2016 Johns Hopkins Young Investigators’ Award winners
April 15, 2016
Each spring Johns Hopkins honors exceptional graduate students and postdoctoral fellows at the annual Young Investigators’ Day celebration. The day is meant to celebrate the achievement and hard work of not only the award winners, but of all Johns Hopkins’ research trainees. This year two BME PhD candidates and a BME MD PhD candidate were selected to receive distinguished awards. The awards, named after notable researchers, including many who were former faculty members or graduate students at The Johns Hopkins University, were granted in recognition of outstanding research
David Herzfeld — Martin and Carol Macht Award
David Herzfeld, PhD candidate, has been working under the mentorship of Dr. Reza Shadmehr. He was selected to receive the Martin and Carol Macht Award. David’s research in the Laboratory for Computational Motor Control suggest the cerebellum is integral for the control of eye movements and, when examining a large population of cells in the cerebellum, these cells provide a representation of the speed and direction of the eye.
In 2015 David was honored with a Mette Strand Award at Johns Hopkins Young Investigator’s Day. He was also named a 2015 Siebel Scholar.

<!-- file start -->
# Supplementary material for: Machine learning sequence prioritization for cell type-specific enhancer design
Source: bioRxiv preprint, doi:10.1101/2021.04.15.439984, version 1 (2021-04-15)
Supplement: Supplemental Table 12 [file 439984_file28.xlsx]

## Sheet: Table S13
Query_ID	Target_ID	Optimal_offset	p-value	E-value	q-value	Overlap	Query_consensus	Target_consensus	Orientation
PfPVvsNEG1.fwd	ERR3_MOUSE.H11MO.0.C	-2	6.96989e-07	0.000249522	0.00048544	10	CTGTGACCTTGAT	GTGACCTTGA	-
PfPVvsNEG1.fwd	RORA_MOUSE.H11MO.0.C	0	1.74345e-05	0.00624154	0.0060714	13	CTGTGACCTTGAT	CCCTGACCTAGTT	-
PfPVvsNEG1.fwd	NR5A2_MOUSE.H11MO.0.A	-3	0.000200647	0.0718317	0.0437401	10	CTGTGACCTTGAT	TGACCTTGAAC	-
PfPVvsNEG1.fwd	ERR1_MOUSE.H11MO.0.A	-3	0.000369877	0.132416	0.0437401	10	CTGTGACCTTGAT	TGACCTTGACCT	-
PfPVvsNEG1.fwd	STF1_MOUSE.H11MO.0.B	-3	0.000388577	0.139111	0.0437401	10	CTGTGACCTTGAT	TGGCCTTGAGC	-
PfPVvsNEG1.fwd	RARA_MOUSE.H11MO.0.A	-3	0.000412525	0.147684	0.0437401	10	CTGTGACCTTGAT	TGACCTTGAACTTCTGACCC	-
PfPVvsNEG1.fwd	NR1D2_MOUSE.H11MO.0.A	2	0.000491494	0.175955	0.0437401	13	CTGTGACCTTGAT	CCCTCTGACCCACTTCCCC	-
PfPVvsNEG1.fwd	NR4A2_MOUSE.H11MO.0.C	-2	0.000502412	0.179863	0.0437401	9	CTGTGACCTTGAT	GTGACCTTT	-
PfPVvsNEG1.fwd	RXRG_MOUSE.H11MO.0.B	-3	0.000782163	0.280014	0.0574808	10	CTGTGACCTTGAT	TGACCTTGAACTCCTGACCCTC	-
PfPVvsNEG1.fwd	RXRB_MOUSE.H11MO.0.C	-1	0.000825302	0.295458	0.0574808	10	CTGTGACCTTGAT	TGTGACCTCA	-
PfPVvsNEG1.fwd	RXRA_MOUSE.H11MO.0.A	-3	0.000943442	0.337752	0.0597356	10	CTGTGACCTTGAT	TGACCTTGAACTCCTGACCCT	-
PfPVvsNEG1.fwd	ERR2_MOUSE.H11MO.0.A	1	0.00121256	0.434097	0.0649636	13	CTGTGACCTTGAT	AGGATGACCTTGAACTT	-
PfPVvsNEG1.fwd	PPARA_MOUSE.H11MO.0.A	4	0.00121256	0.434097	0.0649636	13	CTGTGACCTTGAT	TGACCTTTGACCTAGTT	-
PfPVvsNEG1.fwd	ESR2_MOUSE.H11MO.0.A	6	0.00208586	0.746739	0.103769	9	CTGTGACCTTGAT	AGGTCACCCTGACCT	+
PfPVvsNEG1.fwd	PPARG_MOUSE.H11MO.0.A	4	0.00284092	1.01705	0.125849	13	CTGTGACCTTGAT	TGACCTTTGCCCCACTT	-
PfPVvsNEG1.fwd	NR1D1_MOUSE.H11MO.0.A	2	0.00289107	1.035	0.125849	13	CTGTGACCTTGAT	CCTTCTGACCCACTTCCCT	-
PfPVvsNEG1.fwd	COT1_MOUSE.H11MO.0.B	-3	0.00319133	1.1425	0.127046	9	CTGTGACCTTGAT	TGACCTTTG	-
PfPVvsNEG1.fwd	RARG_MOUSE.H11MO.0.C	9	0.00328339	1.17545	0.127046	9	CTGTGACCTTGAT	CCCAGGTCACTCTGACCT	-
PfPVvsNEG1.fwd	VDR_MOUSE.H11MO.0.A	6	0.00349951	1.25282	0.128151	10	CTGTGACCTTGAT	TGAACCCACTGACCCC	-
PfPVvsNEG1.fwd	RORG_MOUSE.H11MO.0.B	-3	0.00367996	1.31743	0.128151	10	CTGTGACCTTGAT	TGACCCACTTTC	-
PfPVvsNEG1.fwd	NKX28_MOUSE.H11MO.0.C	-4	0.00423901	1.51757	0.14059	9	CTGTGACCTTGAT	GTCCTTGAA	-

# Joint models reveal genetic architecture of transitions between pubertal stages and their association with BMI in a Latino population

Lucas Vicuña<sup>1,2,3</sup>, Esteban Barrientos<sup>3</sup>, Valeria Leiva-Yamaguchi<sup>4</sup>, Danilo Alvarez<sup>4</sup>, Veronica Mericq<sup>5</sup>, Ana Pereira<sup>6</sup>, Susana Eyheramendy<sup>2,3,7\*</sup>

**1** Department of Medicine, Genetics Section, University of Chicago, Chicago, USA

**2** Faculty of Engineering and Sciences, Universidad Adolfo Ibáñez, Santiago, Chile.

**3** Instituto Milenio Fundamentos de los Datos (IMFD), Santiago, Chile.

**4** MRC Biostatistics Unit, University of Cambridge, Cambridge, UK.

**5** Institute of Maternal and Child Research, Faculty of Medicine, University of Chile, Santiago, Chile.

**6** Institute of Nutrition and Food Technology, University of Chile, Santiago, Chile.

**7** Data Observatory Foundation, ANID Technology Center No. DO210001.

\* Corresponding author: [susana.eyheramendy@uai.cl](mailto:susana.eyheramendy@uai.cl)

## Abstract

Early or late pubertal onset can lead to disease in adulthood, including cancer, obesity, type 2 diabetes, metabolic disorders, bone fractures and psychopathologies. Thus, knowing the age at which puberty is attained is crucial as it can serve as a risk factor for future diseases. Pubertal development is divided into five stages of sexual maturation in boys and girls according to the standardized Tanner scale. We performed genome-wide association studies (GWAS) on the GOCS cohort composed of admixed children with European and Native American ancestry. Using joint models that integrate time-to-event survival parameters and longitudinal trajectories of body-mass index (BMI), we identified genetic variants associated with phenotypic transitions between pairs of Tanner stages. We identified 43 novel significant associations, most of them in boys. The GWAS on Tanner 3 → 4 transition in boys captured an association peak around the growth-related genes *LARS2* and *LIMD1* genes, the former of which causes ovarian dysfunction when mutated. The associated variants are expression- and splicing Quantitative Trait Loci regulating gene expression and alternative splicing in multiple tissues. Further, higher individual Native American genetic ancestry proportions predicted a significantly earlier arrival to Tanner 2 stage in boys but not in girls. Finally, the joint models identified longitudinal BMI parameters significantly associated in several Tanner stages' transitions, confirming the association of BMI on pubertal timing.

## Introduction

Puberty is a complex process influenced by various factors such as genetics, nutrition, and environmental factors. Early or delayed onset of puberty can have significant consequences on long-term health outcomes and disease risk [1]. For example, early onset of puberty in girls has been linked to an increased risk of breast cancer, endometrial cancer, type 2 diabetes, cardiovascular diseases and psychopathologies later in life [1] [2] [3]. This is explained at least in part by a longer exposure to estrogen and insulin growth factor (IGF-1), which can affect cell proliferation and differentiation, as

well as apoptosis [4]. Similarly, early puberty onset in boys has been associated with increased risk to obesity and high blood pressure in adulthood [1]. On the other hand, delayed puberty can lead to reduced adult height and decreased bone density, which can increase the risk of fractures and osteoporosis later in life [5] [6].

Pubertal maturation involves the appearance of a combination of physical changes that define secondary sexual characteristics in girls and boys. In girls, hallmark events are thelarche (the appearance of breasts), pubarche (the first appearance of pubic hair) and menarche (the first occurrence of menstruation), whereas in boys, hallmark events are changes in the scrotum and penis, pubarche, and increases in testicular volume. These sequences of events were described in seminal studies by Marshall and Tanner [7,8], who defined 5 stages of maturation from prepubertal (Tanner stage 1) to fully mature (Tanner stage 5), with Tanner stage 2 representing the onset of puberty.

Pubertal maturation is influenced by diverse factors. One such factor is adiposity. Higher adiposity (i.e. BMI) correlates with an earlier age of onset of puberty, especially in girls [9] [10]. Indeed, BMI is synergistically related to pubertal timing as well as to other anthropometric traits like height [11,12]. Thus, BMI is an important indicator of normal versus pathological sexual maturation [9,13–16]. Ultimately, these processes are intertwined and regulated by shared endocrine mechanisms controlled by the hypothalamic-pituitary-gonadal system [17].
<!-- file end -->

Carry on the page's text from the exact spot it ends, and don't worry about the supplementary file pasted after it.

Shin Rong Lee — The David T. Yue Research Award
Shin Rong Lee is a biomedical engineering MD PhD student working in the Calcium Signals Lab. A large portion
of Shin’s research focuses on the brain-predominant voltage-gated calcium channel Cav2.1, a membrane protein that regulates the flow of calcium ions into cells. His work suggests an important role forCav2.1 CDF in neuronal physiology, and lays the groundwork for future mechanistic and pathophysiologic investigations regarding CDF in various native contexts. View Lee's research paper: Large Ca2+-dependent facilitation of Ca(V)2.1 channels revealed by Ca2+ photo-uncaging.
Xindong Song — The Bae Gyo Jung Award
PhD candidate Xindong Song has been working in the Xiaoqin Wang Lab under the guidance of Professor Xiaoqin Wang. He was selected to receive the Young Investigators’Day Bae Gyo Jung Award. Song’s research uncovered how mammals, specifically the marmoset monkey, perceived pitch. His research findings showed behavioral evidence that marmoset monkeys exhibited all the primary features of human pitch perception mechanisms. The study paves the way for future research into the neuronal circuitry underlying human-like pitch perception.
Congratulations to each of the award winners and all Johns Hopkins’ research trainees.
Johns Hopkins Medicine News
Celebrating Research: 2016 Young Investigators’ Day Winners